Yes, I do. And I believe if you don’t have hope, you should keep quiet and step away to leave the stage to people who actually try to change things for the better. Don’t get me wrong: sometimes we might loose precious ecosystems functions with the clearing of mangroves, the dredging of rivers or the destruction of coral reefs, but there are plenty areas and projects out there showing us why and how hard work pays off. Mangroves can be replanted; plastic pollution can be reduced, and fish can be granted time to grow and reproduce. It is never going to be perfect, but there is hope and there is a lot we all can do about it. Your blog used to raise awareness and spread the word is one of a million ways of how to contribute.
What would be the three things we have to change, which you think are the most important?
On an individual basis: go plant-based and generally make informed consumer and life-style choices. Don’t be too hard on yourself, as no one is perfect and can never be anyway. It is about small things: reduce plastic pollution, don’t buy bottled water if you can drink tab water, refuse plastic bags, and don’t support destructive industries. Instead, focus on supporting companies that do good for the environment and support organisations and individuals fighting to make this world a better place and not a worse one. Watch some movies if you forget what climate change is and why it is bad for the planet – there is plenty of good work out there.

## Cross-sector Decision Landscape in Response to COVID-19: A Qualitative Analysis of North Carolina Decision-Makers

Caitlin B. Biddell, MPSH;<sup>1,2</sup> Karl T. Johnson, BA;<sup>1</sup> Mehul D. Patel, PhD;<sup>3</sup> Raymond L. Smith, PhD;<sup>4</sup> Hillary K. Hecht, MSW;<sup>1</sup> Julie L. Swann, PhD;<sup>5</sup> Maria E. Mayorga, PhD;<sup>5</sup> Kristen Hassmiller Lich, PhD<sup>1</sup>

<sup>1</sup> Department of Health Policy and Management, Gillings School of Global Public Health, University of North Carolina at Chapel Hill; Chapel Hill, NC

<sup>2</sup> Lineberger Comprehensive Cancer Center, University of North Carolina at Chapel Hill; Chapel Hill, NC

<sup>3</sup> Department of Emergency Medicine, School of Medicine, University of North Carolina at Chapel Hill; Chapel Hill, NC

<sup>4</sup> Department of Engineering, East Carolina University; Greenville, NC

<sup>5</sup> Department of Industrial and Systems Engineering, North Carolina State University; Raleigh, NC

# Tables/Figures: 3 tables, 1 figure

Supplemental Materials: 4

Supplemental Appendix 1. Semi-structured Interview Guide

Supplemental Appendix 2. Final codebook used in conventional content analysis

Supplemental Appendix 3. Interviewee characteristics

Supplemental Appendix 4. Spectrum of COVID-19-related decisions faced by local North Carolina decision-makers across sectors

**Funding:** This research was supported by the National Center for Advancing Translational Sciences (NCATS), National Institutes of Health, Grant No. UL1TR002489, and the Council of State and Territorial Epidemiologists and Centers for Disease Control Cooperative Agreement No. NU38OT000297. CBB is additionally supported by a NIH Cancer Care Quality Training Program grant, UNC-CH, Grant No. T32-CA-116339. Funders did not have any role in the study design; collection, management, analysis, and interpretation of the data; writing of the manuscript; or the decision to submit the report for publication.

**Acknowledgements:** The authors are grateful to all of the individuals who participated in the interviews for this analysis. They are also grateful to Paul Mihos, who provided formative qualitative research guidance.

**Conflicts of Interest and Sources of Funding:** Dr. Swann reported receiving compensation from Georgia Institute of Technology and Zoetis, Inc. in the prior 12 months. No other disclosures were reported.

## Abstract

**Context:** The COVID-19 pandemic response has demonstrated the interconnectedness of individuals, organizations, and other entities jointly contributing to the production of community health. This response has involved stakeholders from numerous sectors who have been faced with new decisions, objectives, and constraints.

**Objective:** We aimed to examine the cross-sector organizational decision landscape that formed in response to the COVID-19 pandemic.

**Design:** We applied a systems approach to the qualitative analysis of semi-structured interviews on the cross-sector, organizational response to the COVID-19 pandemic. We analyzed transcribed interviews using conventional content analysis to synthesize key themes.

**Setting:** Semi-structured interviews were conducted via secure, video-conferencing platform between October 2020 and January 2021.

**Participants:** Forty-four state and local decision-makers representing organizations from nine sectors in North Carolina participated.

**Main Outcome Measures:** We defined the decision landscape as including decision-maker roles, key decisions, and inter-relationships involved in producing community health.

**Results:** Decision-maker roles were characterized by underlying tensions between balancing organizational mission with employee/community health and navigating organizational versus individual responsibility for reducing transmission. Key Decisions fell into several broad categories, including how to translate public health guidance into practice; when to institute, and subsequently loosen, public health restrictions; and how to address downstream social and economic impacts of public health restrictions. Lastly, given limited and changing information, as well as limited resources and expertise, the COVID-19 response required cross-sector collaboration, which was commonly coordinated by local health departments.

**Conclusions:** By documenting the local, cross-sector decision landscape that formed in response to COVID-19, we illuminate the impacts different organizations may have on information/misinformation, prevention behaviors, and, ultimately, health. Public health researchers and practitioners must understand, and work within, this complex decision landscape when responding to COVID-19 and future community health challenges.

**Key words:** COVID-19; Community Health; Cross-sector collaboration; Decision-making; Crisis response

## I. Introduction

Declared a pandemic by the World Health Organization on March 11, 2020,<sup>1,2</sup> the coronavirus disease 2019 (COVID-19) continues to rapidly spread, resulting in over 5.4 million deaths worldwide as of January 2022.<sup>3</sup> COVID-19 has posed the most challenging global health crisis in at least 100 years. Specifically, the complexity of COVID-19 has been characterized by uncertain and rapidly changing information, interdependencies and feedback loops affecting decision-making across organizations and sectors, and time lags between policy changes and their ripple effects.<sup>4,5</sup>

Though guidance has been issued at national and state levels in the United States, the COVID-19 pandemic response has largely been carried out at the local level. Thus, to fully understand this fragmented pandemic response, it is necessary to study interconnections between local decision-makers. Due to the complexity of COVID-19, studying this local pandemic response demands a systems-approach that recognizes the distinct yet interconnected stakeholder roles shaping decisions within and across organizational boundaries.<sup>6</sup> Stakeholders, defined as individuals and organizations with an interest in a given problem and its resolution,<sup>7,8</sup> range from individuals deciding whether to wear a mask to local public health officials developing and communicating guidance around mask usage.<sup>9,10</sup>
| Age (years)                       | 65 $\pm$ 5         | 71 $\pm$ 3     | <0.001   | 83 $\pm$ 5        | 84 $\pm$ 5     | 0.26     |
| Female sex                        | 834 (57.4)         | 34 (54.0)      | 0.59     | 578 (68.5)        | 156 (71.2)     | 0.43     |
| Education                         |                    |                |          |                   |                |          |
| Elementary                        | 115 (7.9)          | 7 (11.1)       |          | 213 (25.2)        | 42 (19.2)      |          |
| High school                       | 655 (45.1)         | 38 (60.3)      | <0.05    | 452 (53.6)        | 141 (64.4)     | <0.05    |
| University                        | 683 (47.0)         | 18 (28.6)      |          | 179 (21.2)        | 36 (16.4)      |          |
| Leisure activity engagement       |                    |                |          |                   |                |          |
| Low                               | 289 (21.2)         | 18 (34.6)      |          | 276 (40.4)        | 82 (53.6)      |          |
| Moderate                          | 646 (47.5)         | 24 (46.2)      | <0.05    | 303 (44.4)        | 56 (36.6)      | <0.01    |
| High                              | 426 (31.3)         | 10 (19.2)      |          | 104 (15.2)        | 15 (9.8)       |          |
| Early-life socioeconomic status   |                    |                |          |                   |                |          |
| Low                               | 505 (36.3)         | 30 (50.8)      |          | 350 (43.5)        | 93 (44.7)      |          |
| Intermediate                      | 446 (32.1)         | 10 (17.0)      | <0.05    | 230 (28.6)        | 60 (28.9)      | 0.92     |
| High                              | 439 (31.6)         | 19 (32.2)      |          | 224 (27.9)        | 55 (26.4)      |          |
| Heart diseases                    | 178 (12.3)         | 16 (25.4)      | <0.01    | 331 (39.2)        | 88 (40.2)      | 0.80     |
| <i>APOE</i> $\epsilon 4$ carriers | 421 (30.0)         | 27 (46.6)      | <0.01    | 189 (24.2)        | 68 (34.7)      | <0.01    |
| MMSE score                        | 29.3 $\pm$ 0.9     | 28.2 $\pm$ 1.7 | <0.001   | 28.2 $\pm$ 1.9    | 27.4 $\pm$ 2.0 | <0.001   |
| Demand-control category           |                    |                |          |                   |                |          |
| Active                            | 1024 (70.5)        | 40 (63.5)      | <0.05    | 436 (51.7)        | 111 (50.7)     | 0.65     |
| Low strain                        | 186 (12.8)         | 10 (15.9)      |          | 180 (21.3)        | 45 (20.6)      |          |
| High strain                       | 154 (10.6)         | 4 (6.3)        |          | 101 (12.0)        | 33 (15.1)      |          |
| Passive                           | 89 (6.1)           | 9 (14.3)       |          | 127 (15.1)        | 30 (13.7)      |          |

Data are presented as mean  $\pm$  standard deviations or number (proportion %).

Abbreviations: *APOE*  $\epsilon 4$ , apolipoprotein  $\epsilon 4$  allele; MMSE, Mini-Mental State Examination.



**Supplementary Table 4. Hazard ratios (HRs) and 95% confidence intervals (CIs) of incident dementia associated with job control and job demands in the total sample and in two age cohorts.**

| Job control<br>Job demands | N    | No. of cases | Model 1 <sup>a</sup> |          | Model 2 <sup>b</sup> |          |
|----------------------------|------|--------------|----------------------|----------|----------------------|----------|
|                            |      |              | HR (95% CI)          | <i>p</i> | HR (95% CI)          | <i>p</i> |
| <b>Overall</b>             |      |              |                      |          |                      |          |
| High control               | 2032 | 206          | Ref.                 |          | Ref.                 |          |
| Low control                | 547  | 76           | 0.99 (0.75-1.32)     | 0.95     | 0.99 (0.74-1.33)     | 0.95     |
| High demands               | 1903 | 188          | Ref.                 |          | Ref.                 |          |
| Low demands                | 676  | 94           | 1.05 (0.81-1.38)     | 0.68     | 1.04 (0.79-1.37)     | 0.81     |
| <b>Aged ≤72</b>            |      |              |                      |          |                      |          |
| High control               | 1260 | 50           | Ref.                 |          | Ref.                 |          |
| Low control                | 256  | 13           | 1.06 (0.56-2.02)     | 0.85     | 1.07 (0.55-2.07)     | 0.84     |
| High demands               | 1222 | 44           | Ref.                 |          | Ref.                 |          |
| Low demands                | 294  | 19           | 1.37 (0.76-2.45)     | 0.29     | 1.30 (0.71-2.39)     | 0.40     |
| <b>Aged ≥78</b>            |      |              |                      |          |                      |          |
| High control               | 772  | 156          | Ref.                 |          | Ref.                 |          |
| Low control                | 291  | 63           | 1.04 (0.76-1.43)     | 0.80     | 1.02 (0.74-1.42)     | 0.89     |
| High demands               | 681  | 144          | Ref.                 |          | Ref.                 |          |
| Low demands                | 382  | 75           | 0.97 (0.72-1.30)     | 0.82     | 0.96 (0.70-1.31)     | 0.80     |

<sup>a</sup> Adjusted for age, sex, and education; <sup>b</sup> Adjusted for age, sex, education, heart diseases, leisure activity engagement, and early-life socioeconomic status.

It is 2050 – What is Tom Vierus doing and how will our planet and its oceans look like?
That’s a good one! I will still be diving the world’s oceans and documenting increasing fish abundances in well-regulated and enforced marine protected areas (hopefully on an affordable 8k camera by then 😉). Shark fin soup, one of the major drivers or shark overfishing, will be a regrettable custom of the past and illegal fishing is hardly existing. The deep see will be more explored than the moon and destructive impacts such as deep-sea fishing, and mineral and gas exploration halted. Trawling is hopefully banned in any imaginable way and the oceans as other areas on land left to flourish once again. I hope that industrialized and developing countries will have moved to mainly renewable resources and a majority of cars driving around are electric. Large parts of the populations not depending on meat or fish will be eating plant-based and the wasteful, unnecessary and cruel animal agriculture will have scaled back immensely. There will be many set-backs until then, but even more positive stories to tell and individuals and organisations having real input on a more sustainable way of life. Fingers crossed and let us all work together a better future for us, our kids and all generations to come!
You want to learn more about Tom Vierus and his projects? Check out the following links:
Copyright of all pictures belongs to Tom Vierus.